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Chapter: Clinical Anesthesiology: Anesthetic Management: Anesthesia for Neurosurgery

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Anesthesia for Stereotactic Surgery

Stereotaxis can be employed in treating involuntary movement disorders, intractable pain, and epilepsy and can also be used when diagnosing and treating tumors that are located deep within the brain.

Anesthesia for Stereotactic Surgery

Stereotaxis can be employed in treating involuntary movement disorders, intractable pain, and epilepsy and can also be used when diagnosing and treating tumors that are located deep within the brain.

These procedures are often performed under local anesthesia to allow evaluation of the patient. Propofol or dexmedetomidine infusions are rou-tinely used for sedation and amnesia. Sedation should be omitted, however, if the patient already has increased ICP. The ability to rapidly provide con-trolled ventilation and general anesthesia for emer-gency craniotomy is mandatory, but is complicated by the platform and localizing frame that is attached to the patient’s head for the procedure. Although mask ventilation or ventilation through a laryngeal mask airway (LMA) or orotracheal intubation might be readily accomplished in an emergency, awake intubation with a fiberoptic bronchoscope prior to positioning and surgery may be the safest approach when intubation is necessary for a patient whose head is already in a stereotactic head frame.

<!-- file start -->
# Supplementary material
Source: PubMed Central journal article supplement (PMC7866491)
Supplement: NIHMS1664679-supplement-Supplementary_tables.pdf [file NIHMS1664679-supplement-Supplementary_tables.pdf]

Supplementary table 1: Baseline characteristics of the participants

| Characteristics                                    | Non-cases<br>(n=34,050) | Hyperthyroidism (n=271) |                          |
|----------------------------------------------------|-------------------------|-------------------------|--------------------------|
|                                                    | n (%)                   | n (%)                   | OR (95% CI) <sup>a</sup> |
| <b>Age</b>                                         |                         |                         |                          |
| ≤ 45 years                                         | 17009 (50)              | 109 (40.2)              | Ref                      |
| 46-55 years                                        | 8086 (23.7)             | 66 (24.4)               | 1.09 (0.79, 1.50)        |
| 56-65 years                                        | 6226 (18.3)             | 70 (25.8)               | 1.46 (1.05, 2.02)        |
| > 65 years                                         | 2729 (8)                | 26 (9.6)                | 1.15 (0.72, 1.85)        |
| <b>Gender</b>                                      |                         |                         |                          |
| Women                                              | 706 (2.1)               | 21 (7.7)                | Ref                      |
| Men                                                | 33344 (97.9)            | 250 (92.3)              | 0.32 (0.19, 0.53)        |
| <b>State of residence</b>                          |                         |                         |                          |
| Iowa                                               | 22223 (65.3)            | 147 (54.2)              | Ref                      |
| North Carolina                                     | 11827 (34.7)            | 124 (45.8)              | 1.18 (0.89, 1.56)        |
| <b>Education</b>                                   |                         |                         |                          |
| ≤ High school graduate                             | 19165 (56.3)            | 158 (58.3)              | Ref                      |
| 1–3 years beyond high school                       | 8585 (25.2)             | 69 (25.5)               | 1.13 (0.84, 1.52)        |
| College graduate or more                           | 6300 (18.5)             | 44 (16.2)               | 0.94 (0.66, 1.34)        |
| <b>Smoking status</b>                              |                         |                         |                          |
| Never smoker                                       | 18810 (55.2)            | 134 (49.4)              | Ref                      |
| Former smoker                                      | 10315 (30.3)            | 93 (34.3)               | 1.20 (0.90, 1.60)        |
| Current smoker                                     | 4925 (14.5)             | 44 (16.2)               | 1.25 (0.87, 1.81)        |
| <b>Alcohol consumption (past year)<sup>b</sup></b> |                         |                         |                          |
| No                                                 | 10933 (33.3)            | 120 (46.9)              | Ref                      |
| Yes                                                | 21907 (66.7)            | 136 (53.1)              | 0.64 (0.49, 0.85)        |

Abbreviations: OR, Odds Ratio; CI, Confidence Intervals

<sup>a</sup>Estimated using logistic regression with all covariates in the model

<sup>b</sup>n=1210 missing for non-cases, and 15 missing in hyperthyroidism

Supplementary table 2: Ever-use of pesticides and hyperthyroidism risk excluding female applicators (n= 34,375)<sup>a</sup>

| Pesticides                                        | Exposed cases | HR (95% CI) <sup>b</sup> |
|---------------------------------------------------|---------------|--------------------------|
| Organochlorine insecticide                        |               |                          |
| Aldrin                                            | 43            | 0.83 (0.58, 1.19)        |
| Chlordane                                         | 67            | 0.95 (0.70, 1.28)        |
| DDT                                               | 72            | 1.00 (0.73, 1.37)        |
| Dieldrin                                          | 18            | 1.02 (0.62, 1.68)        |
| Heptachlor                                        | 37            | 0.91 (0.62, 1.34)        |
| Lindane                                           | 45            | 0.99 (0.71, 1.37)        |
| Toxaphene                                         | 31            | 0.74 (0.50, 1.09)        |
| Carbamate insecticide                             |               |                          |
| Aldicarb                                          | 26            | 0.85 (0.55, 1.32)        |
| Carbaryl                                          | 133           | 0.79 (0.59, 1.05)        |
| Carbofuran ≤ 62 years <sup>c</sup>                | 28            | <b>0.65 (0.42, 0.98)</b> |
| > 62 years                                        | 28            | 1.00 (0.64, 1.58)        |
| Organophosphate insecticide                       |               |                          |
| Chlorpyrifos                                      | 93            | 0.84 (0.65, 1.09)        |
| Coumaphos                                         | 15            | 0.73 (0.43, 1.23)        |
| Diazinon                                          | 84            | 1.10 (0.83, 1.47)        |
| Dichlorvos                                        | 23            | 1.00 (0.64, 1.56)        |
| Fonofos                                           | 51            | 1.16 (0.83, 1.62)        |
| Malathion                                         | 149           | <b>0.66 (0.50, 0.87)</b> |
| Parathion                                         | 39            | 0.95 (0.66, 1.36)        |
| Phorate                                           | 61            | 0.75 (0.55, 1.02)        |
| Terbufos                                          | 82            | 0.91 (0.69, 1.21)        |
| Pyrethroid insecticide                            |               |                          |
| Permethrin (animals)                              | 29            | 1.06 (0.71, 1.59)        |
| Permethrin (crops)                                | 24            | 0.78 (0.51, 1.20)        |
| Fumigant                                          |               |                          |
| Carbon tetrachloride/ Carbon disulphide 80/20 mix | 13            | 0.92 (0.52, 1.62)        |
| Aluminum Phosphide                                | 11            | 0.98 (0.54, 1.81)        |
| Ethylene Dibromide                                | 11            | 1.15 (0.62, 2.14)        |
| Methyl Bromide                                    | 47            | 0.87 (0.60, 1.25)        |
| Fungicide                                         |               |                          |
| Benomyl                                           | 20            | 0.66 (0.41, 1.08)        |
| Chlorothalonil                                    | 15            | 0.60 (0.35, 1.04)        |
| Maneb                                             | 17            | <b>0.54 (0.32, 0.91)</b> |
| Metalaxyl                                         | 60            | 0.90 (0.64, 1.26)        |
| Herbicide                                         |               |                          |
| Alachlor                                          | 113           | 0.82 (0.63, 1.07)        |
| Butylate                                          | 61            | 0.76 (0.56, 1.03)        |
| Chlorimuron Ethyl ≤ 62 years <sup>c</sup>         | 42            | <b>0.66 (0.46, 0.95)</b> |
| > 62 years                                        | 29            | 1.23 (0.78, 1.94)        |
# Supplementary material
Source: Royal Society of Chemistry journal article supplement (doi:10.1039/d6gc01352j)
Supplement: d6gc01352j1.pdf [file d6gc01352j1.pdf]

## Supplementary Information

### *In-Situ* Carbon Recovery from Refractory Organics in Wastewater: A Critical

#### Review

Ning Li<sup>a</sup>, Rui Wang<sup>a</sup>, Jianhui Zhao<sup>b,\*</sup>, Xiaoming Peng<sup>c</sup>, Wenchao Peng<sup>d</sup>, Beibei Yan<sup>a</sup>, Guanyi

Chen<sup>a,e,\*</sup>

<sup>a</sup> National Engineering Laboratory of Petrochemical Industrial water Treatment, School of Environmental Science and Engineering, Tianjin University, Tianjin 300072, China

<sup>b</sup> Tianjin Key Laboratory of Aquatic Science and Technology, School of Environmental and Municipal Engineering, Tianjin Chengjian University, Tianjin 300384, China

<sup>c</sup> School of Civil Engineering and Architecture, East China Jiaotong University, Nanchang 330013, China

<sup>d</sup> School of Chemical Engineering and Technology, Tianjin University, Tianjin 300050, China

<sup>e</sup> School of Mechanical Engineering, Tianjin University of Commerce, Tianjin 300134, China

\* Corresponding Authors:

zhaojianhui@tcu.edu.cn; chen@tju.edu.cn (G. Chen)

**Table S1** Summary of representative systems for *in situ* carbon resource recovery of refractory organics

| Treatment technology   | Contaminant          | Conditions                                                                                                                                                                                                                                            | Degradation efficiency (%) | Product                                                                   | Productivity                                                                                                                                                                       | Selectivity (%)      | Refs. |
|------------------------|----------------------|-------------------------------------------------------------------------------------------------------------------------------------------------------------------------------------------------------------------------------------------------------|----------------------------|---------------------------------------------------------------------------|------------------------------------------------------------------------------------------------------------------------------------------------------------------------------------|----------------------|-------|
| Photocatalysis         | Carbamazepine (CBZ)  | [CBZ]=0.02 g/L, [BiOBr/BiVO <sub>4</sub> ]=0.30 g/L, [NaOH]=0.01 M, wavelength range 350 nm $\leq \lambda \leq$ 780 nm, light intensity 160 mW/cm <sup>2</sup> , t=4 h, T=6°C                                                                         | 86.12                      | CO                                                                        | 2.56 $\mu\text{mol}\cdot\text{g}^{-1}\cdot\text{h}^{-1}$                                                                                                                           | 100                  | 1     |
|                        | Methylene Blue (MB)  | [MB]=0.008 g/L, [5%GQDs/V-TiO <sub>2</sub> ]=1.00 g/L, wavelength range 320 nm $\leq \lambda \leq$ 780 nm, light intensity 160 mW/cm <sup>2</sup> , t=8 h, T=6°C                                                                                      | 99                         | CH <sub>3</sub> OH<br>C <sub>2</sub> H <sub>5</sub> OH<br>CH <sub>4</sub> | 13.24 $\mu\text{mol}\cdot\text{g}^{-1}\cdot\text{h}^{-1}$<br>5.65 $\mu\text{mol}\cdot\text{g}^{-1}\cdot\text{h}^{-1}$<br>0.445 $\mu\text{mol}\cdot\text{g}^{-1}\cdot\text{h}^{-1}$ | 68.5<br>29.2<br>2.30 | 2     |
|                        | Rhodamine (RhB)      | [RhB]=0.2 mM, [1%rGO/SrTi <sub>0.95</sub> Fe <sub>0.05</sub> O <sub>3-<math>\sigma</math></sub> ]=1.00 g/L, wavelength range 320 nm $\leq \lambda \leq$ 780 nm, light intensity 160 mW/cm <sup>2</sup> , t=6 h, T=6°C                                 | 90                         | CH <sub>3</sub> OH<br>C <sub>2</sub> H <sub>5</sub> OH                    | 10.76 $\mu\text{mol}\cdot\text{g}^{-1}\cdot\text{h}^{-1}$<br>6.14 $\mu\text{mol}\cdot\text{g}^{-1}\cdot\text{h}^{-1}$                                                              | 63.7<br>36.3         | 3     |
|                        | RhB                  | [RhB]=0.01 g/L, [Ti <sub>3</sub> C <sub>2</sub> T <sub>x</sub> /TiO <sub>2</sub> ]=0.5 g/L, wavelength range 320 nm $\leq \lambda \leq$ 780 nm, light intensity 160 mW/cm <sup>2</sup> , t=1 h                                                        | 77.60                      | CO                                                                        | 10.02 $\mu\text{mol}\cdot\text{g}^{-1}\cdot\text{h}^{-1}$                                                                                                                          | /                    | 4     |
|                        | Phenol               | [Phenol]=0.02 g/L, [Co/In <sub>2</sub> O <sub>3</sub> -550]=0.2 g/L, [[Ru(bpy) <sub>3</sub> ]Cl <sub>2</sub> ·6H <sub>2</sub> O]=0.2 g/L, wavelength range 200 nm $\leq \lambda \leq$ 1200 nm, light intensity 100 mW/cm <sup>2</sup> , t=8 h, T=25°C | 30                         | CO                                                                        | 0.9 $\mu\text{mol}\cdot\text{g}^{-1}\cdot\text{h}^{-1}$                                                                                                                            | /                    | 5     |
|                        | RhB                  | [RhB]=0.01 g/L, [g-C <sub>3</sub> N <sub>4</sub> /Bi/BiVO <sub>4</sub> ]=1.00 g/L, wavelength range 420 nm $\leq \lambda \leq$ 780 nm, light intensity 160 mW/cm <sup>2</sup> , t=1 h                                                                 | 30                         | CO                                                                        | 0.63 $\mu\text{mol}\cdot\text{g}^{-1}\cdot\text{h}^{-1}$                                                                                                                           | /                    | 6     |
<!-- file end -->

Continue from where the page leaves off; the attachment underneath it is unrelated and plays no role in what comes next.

Functional neurosurgery is increasingly per-formed for removal of lesions adjacent to speech and other vital brain centers. Sometimes patients are managed with an asleep–awake–asleep technique, with or without instrumentation of the airway. Such operations require the patient to be awake to par-ticipate in cortical mapping to identify key speech centers, such as Broca’s area. Patients sleep during the painful periods of surgery (ie, during opening and closure). LMAs are often employed to assist air-way management during the asleep portions of these surgeries.

Patients undergo deep brain stimulator inser-tion for control of movement and other disorders. A stimulator electrode is placed via a burr hole using radiologic guidance to establish coordinates for electrode placement. A microelectrode recording (MER) is obtained to determine the correct place-ment of the stimulator in brain structures. The effect of stimulation upon the patient is noted. Sedative medications can adversely affect MER potentials, complicating the location of the correct depth of


stimulator placement. Dexmedetomidine has been used to provide sedation to these patients; however, during MER and stimulation testing, sedative infu-sions should be discontinued to facilitate patient participation in determining correct electrode placement (Table27–1).

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